HOW TO EAT POLITELY IN JAPAN
In Japan, you say "itadakimasu" ("I gratefully receive") before eating, and "gochisosama (deshita)" ("Thank you for the meal") after finishing the meal.
If you are not familiar with how to use chopsticks then dining at Japanese or other Asian cuisine restaurants may present a challenge at first. But once you have mastered them then eating with this simple instrument is a genuine pleasure.
Except in Chinese restaurants that provide plastic chopsticks, you eat with wooden chopsticks that come in a paper wrapper. Take them out, split them in half, and hold the two halves in one hand with your thumb, forefinger and middle finger, as if holding two pencils. Then let the middle finger slip between the two sticks. One stick will rest between the forefinger and middle finger, the other between the middle and ring fingers. Watch how other people manipulate the sticks to figure out how to pick up pieces of food correctly.
To deal with soup, pick up the small bowl with one hand and sip from the edge of the bowl. You can dip your chopsticks into the soup to pick up small chunks of bean curd or thin slices of seaweed.
Noodles served on a wooden tray are simply picked up in bite-size portions. If served in a hot broth, alternate between picking them up and lifting the bowl to sip the broth. Slurping is a sign of a good appetite and eating with pleasure, and is in this instance, perfectly acceptable.
In cozy and friendly Japanese-style bars, customers often pour drinks for each other from bottles of beer as a gesture of companionship. If you are a fellow beer drinker, reciprocate with your own bottle. A whiskey drinker may invite you to drink from his bottle and fix a drink for you. In this case, you need not reciprocate unless you have your own bottle. (Many of these bars have a bottle-keep system for regular patrons who buy a bottle from time to time as it is less expensive than paying for single drinks over the long run.)
If with a group, do not begin to drink until everyone is served. Glasses are raised in the traditional salute as everyone shouts Kampai! (Cheers!)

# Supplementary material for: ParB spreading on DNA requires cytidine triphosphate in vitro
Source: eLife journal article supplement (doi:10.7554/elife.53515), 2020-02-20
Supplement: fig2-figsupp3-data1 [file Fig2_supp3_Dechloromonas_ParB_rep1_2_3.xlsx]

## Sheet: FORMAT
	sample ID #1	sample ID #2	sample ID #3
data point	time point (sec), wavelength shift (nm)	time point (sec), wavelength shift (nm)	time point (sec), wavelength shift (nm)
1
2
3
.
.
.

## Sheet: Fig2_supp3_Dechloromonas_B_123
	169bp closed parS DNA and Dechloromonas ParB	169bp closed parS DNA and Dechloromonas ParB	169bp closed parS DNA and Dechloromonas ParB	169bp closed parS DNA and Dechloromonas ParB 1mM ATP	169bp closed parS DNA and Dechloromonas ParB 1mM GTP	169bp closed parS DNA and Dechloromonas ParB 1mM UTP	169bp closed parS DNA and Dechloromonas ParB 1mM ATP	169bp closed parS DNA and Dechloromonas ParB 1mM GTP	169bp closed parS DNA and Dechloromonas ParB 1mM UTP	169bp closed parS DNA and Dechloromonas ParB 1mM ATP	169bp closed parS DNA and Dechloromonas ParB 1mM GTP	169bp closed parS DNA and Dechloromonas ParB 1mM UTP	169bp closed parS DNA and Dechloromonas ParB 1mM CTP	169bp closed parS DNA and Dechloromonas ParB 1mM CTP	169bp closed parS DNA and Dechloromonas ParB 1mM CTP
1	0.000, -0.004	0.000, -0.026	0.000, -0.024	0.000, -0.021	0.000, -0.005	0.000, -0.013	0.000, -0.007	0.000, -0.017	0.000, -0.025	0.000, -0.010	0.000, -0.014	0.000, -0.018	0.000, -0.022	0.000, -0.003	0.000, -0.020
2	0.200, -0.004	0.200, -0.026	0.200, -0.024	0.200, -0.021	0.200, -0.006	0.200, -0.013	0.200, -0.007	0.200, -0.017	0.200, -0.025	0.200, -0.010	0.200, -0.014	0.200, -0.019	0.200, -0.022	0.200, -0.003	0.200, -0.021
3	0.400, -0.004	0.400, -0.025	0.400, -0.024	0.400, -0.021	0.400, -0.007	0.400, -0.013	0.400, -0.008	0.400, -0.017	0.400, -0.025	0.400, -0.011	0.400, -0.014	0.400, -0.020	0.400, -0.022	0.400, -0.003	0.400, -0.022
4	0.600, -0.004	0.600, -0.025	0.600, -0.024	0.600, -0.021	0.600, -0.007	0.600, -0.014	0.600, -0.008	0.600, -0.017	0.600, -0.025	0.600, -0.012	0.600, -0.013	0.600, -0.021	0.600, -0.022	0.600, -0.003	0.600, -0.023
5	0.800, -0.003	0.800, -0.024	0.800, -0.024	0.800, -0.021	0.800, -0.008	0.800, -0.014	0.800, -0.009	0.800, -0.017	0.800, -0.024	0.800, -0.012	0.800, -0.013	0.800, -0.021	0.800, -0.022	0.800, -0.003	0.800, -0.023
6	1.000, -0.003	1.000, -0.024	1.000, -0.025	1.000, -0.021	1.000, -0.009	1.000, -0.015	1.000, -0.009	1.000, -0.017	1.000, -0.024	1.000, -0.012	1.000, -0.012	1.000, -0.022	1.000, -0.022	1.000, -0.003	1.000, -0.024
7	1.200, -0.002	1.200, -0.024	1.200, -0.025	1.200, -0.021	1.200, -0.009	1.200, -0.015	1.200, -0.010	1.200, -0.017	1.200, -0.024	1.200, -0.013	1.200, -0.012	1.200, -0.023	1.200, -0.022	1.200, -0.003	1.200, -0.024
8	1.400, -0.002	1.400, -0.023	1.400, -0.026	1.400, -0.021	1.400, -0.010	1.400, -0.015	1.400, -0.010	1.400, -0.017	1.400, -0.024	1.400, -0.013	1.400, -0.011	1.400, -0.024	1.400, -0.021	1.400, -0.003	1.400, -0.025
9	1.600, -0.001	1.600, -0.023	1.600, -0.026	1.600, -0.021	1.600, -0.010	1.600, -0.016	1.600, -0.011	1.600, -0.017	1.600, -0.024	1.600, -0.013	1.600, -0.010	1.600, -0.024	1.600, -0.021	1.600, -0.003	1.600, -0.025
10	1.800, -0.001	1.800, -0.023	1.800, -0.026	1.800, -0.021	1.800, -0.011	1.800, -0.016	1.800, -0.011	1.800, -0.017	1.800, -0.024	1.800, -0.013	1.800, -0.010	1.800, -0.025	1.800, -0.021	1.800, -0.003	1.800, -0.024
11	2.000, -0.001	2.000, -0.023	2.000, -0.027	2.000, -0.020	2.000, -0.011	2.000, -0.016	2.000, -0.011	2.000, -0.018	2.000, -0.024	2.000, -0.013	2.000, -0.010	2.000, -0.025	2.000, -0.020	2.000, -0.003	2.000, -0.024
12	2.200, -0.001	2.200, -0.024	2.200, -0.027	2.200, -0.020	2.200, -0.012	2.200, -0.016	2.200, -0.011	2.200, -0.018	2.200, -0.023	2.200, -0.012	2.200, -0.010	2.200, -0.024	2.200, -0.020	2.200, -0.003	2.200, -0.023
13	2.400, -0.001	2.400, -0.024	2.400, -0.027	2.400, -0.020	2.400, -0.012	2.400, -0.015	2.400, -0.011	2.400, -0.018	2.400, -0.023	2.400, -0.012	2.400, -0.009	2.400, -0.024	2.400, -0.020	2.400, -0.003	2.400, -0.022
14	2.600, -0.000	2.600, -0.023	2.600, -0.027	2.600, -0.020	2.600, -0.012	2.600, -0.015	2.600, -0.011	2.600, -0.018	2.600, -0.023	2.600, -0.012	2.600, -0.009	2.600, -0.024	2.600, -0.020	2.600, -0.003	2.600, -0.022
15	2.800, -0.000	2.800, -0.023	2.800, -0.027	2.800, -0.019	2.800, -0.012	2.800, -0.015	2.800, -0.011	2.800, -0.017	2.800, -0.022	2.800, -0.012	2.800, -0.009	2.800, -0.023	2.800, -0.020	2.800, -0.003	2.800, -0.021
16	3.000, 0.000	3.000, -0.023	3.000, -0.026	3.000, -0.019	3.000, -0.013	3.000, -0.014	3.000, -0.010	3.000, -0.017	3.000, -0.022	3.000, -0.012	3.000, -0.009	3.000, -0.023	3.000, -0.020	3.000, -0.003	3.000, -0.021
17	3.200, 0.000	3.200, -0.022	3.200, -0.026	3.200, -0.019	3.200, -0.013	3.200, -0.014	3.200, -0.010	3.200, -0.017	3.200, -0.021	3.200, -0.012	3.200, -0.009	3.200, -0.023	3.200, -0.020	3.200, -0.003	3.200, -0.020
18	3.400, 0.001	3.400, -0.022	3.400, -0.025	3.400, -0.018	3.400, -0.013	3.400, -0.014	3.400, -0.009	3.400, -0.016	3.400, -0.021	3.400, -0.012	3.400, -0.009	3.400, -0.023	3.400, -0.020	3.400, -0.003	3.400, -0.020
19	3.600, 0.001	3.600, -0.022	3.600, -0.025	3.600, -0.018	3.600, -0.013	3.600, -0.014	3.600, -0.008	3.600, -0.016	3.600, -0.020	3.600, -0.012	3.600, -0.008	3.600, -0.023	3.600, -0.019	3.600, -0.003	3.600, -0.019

If you drink sake, and someone offers a drink from his carafe, drink what remains in your cup before holding it out. In this case, too, reciprocate. But don't let it get out of hand. Pouring sake for each other at high speed can get you drunk much faster than you might imagine.
Excessive drinking is frowned on. But it happens. Rely on the bartender if someone close to you gets too boisterous.
Japanese students have three years of English-language studies in middle (junior-high) school. Many go on to become good or even fluent English conversationalists. You are likely to come across them in bars that cater to business people who work at general trading houses or other companies with international business dealings. Even small talk in broken English, with the aid of body language, can make the evening all the more enjoyable. Don't hesitate to jump in.
Japanese sake (rice wine) goes extremely well with a variety of Japanese dishes. Brewed with rice and water, sake has been a Japanese alcoholic beverage since ancient times. Because it can be drunk warmed up in winter it warms the body. When drunk chilled, good sake has a taste similar to fine-quality wine. There are local sake breweries in every region across the country, which make their respective characteristic tastes based on the quality of rice and water as well as differences in brewing processes.